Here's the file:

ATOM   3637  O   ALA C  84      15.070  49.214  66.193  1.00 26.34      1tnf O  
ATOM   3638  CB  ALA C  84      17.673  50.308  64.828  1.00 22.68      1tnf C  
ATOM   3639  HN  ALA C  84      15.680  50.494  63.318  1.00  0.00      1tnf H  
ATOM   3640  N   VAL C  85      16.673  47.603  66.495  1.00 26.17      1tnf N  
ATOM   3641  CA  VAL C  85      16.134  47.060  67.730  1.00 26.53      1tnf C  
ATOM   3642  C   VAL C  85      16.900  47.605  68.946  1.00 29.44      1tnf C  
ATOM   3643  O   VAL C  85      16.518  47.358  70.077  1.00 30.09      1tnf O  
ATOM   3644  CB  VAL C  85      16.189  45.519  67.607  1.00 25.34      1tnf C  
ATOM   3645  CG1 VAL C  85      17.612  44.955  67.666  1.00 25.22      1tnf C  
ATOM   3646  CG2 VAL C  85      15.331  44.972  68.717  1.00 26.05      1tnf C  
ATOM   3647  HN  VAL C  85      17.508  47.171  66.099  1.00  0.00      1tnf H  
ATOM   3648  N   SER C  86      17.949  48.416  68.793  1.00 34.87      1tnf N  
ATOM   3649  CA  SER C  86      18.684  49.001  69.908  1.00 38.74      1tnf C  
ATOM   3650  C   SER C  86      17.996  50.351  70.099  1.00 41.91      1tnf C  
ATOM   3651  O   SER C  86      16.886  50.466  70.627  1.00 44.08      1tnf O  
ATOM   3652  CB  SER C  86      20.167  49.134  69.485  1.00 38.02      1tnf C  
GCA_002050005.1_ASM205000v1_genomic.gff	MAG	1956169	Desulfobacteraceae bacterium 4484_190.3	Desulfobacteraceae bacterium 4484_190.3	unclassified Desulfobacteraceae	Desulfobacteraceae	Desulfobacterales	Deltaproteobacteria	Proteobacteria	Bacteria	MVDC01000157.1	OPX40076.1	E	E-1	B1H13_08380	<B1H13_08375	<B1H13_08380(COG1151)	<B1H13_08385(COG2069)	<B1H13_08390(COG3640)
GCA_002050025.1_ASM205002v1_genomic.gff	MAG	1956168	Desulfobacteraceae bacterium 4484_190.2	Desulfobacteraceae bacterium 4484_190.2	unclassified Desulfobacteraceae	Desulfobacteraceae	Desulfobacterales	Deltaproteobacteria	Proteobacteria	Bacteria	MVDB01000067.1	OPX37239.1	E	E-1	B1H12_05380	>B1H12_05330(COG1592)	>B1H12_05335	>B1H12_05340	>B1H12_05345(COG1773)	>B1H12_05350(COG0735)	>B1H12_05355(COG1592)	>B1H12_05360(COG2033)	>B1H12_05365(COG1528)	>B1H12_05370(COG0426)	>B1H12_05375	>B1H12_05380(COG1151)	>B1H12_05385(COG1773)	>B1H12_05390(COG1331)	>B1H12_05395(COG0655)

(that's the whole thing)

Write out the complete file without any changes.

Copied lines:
ATOM   3637  O   ALA C  84      15.070  49.214  66.193  1.00 26.34      1tnf O  
ATOM   3638  CB  ALA C  84      17.673  50.308  64.828  1.00 22.68      1tnf C  
ATOM   3639  HN  ALA C  84      15.680  50.494  63.318  1.00  0.00      1tnf H  
ATOM   3640  N   VAL C  85      16.673  47.603  66.495  1.00 26.17      1tnf N  
ATOM   3641  CA  VAL C  85      16.134  47.060  67.730  1.00 26.53      1tnf C  
ATOM   3642  C   VAL C  85      16.900  47.605  68.946  1.00 29.44      1tnf C  
ATOM   3643  O   VAL C  85      16.518  47.358  70.077  1.00 30.09      1tnf O  
ATOM   3644  CB  VAL C  85      16.189  45.519  67.607  1.00 25.34      1tnf C  
ATOM   3645  CG1 VAL C  85      17.612  44.955  67.666  1.00 25.22      1tnf C  
ATOM   3646  CG2 VAL C  85      15.331  44.972  68.717  1.00 26.05      1tnf C  
ATOM   3647  HN  VAL C  85      17.508  47.171  66.099  1.00  0.00      1tnf H  
ATOM   3648  N   SER C  86      17.949  48.416  68.793  1.00 34.87      1tnf N  
ATOM   3649  CA  SER C  86      18.684  49.001  69.908  1.00 38.74      1tnf C  
ATOM   3650  C   SER C  86      17.996  50.351  70.099  1.00 41.91      1tnf C  
ATOM   3651  O   SER C  86      16.886  50.466  70.627  1.00 44.08      1tnf O  
ATOM   3652  CB  SER C  86      20.167  49.134  69.485  1.00 38.02      1tnf C  
GCA_002050005.1_ASM205000v1_genomic.gff	MAG	1956169	Desulfobacteraceae bacterium 4484_190.3	Desulfobacteraceae bacterium 4484_190.3	unclassified Desulfobacteraceae	Desulfobacteraceae	Desulfobacterales	Deltaproteobacteria	Proteobacteria	Bacteria	MVDC01000157.1	OPX40076.1	E	E-1	B1H13_08380	<B1H13_08375	<B1H13_08380(COG1151)	<B1H13_08385(COG2069)	<B1H13_08390(COG3640)
GCA_002050025.1_ASM205002v1_genomic.gff	MAG	1956168	Desulfobacteraceae bacterium 4484_190.2	Desulfobacteraceae bacterium 4484_190.2	unclassified Desulfobacteraceae	Desulfobacteraceae	Desulfobacterales	Deltaproteobacteria	Proteobacteria	Bacteria	MVDB01000067.1	OPX37239.1	E	E-1	B1H12_05380	>B1H12_05330(COG1592)	>B1H12_05335	>B1H12_05340	>B1H12_05345(COG1773)	>B1H12_05350(COG0735)	>B1H12_05355(COG1592)	>B1H12_05360(COG2033)	>B1H12_05365(COG1528)	>B1H12_05370(COG0426)	>B1H12_05375	>B1H12_05380(COG1151)	>B1H12_05385(COG1773)	>B1H12_05390(COG1331)	>B1H12_05395(COG0655)